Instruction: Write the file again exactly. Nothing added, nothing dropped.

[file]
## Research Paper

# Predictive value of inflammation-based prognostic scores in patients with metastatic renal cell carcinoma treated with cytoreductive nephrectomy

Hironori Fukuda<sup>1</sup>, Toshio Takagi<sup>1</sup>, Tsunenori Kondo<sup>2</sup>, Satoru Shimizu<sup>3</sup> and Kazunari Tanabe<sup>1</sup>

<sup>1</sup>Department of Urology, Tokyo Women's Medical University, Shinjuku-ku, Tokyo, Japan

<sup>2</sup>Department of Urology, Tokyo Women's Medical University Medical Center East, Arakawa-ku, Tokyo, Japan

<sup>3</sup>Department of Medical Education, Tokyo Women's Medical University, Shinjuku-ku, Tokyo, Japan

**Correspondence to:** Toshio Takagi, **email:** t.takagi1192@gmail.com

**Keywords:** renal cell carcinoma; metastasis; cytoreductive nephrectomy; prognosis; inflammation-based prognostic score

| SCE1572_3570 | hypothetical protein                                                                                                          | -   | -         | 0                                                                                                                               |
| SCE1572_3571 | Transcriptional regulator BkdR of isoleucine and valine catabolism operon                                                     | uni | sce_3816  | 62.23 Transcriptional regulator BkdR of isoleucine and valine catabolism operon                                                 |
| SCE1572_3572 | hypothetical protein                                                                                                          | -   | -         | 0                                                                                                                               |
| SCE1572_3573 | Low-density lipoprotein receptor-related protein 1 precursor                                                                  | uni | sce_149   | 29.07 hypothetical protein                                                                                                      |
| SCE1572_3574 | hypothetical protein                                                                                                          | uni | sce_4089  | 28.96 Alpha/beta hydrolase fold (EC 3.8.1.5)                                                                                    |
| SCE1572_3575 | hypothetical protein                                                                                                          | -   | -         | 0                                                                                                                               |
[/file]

## Research Paper

# Predictive value of inflammation-based prognostic scores in patients with metastatic renal cell carcinoma treated with cytoreductive nephrectomy

Hironori Fukuda<sup>1</sup>, Toshio Takagi<sup>1</sup>, Tsunenori Kondo<sup>2</sup>, Satoru Shimizu<sup>3</sup> and Kazunari Tanabe<sup>1</sup>

<sup>1</sup>Department of Urology, Tokyo Women's Medical University, Shinjuku-ku, Tokyo, Japan

<sup>2</sup>Department of Urology, Tokyo Women's Medical University Medical Center East, Arakawa-ku, Tokyo, Japan

<sup>3</sup>Department of Medical Education, Tokyo Women's Medical University, Shinjuku-ku, Tokyo, Japan

**Correspondence to:** Toshio Takagi, **email:** t.takagi1192@gmail.com

**Keywords:** renal cell carcinoma; metastasis; cytoreductive nephrectomy; prognosis; inflammation-based prognostic score

| SCE1572_3570 | hypothetical protein                                                                                                          | -   | -         | 0                                                                                                                               |
| SCE1572_3571 | Transcriptional regulator BkdR of isoleucine and valine catabolism operon                                                     | uni | sce_3816  | 62.23 Transcriptional regulator BkdR of isoleucine and valine catabolism operon                                                 |
| SCE1572_3572 | hypothetical protein                                                                                                          | -   | -         | 0                                                                                                                               |
| SCE1572_3573 | Low-density lipoprotein receptor-related protein 1 precursor                                                                  | uni | sce_149   | 29.07 hypothetical protein                                                                                                      |
| SCE1572_3574 | hypothetical protein                                                                                                          | uni | sce_4089  | 28.96 Alpha/beta hydrolase fold (EC 3.8.1.5)                                                                                    |
| SCE1572_3575 | hypothetical protein                                                                                                          | -   | -         | 0                                                                                                                               |